You may listen to Mother Takacs's sermon here.
When was the last time you were up all night? Knowing this congregation, I would say that it was either an overnight international flight, an all-night study session for your medical boards or the bar, or a particularly long post-Christmas Eve Midnight Mass celebration. But here’s another question: when was the last time you were up all night because you were excited? When was the last time you couldn’t fall asleep because you simply couldn’t wait for what the next day would bring? Maybe it was the night before a long-awaited vacation. Or maybe the night before a commencement or the first day of an exciting new job. Maybe it was the night before your wedding, or for some of us, the night before William and Kate’s wedding. Or maybe, to think of the last time when you were up all night, giddy with excitement, you’ll have to go all the way back to Christmas Eves when you were a kid.
In my house, Christmas Eve always meant visiting family, which always meant that my brother and I had to share a room. With both of us trying to sleep in the same room, we would usually end up getting pretty wound up. We’d start out whispering to each other and trying to predict what presents each of us might get the next morning – an EZ Bake Oven, the new set of Hot Wheels, Atari!. But then inevitably one of us would get so excited we’d start laughing, and then we’d start shushing each other, which made the whole thing even more hilarious, and then more giggling and giggling and giggling. One year I think we even ended up singing Fleetwood Mac to each other, you know, “Don’t stop thinking about tomorrow. Don’t stop, it’ll soon be here.” The Clintons have nothing on the Takacses. And so with all of this singing and general silliness, we were often up for hours, seemingly up all night, because we knew that there would be joy in the morning, great gifts just waiting to be unwrapped.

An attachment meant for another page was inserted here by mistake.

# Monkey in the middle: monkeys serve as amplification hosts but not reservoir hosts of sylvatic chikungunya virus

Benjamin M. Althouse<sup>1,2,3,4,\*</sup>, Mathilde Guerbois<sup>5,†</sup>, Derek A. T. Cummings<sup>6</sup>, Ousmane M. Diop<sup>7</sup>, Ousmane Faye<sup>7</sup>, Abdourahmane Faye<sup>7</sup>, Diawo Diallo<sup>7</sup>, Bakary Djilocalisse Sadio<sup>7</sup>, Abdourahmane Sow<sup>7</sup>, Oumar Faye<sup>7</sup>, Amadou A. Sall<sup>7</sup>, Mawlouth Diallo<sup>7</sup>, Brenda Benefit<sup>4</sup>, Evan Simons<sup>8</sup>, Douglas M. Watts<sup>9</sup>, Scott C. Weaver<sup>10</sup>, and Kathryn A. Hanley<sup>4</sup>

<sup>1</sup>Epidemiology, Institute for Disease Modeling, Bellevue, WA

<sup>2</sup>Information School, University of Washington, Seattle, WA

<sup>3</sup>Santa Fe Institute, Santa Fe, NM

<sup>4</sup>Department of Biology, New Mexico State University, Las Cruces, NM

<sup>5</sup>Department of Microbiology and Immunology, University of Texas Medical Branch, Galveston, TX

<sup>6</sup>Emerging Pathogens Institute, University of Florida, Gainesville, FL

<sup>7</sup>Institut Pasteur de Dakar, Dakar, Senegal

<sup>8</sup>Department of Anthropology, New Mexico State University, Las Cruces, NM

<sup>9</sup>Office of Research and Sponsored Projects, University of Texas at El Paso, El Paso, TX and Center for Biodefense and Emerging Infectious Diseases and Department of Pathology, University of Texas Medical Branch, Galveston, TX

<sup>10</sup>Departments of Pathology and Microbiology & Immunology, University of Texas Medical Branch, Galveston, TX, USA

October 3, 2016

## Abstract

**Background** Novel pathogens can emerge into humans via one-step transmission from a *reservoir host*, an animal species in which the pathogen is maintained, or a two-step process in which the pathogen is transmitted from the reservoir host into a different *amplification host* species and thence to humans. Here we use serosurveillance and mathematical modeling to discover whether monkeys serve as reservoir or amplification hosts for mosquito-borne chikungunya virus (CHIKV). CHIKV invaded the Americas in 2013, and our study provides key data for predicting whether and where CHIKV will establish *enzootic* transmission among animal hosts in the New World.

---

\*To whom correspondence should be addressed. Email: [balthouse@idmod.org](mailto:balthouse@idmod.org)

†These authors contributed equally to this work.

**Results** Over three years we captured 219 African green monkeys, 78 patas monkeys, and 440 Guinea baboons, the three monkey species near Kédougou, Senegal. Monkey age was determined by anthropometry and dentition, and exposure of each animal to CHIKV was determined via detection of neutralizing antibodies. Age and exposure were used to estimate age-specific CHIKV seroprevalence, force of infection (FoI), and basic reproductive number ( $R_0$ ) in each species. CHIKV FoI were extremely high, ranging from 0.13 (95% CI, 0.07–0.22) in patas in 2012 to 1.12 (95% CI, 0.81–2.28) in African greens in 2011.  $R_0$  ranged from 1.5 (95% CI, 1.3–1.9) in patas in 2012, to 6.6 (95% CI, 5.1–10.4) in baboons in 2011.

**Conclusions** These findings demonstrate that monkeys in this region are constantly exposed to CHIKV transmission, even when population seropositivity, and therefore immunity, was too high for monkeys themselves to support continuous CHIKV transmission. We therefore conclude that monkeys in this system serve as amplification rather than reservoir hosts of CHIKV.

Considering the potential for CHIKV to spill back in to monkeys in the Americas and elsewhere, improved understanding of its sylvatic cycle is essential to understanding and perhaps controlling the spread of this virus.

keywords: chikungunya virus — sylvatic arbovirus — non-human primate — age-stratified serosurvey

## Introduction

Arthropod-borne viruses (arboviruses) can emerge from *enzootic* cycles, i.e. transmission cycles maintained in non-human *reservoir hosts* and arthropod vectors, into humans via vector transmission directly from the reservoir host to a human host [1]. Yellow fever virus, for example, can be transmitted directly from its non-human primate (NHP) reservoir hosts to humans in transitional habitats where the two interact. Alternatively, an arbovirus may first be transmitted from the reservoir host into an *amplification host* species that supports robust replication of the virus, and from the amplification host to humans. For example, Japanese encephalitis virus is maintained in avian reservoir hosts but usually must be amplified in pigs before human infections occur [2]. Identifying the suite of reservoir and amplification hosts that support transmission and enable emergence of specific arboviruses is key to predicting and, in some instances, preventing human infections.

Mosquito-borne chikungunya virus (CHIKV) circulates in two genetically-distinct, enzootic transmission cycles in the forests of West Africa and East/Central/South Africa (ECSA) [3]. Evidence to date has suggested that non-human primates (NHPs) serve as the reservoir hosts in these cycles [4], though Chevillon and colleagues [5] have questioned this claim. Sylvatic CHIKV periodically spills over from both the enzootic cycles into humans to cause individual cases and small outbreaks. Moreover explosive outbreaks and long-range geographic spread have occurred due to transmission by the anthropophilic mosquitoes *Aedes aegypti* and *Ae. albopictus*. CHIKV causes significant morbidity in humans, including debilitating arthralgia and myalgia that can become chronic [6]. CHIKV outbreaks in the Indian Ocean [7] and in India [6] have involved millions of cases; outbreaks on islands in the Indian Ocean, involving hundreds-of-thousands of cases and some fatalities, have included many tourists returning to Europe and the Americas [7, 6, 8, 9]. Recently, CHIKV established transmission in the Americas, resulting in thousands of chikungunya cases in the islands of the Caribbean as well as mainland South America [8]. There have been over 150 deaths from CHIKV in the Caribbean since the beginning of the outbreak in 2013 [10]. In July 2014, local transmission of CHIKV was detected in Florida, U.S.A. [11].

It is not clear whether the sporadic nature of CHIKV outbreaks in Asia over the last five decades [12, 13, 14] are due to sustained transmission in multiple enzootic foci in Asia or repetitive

Did you know that Pentecost is a stay up all night kind of festival? It’s true; it is. It comes from the ancient Jewish Festival of Weeks, also called Shavuot, when the People of God recalled the giving of the Torah on Mount Sinai 50 days after they were freed from Egypt. And one of the traditions of Shavuot is to stay up, all night long, studying Torah. The story goes that on that first Pentecost, some of the Israelites overslept and missed the actual moment when Moses gave the Torah, the Law, to God’s people. So now, some faithful Jews will stay up all night, bubbling with excitement, digging deeply into the Torah, studying with zeal and maybe even with whispers and giggling. Because they know that there is joy in the morning, that great gift of God’s promise of faithfulness and his instructions about holy living, given to them, just waiting to be unwrapped.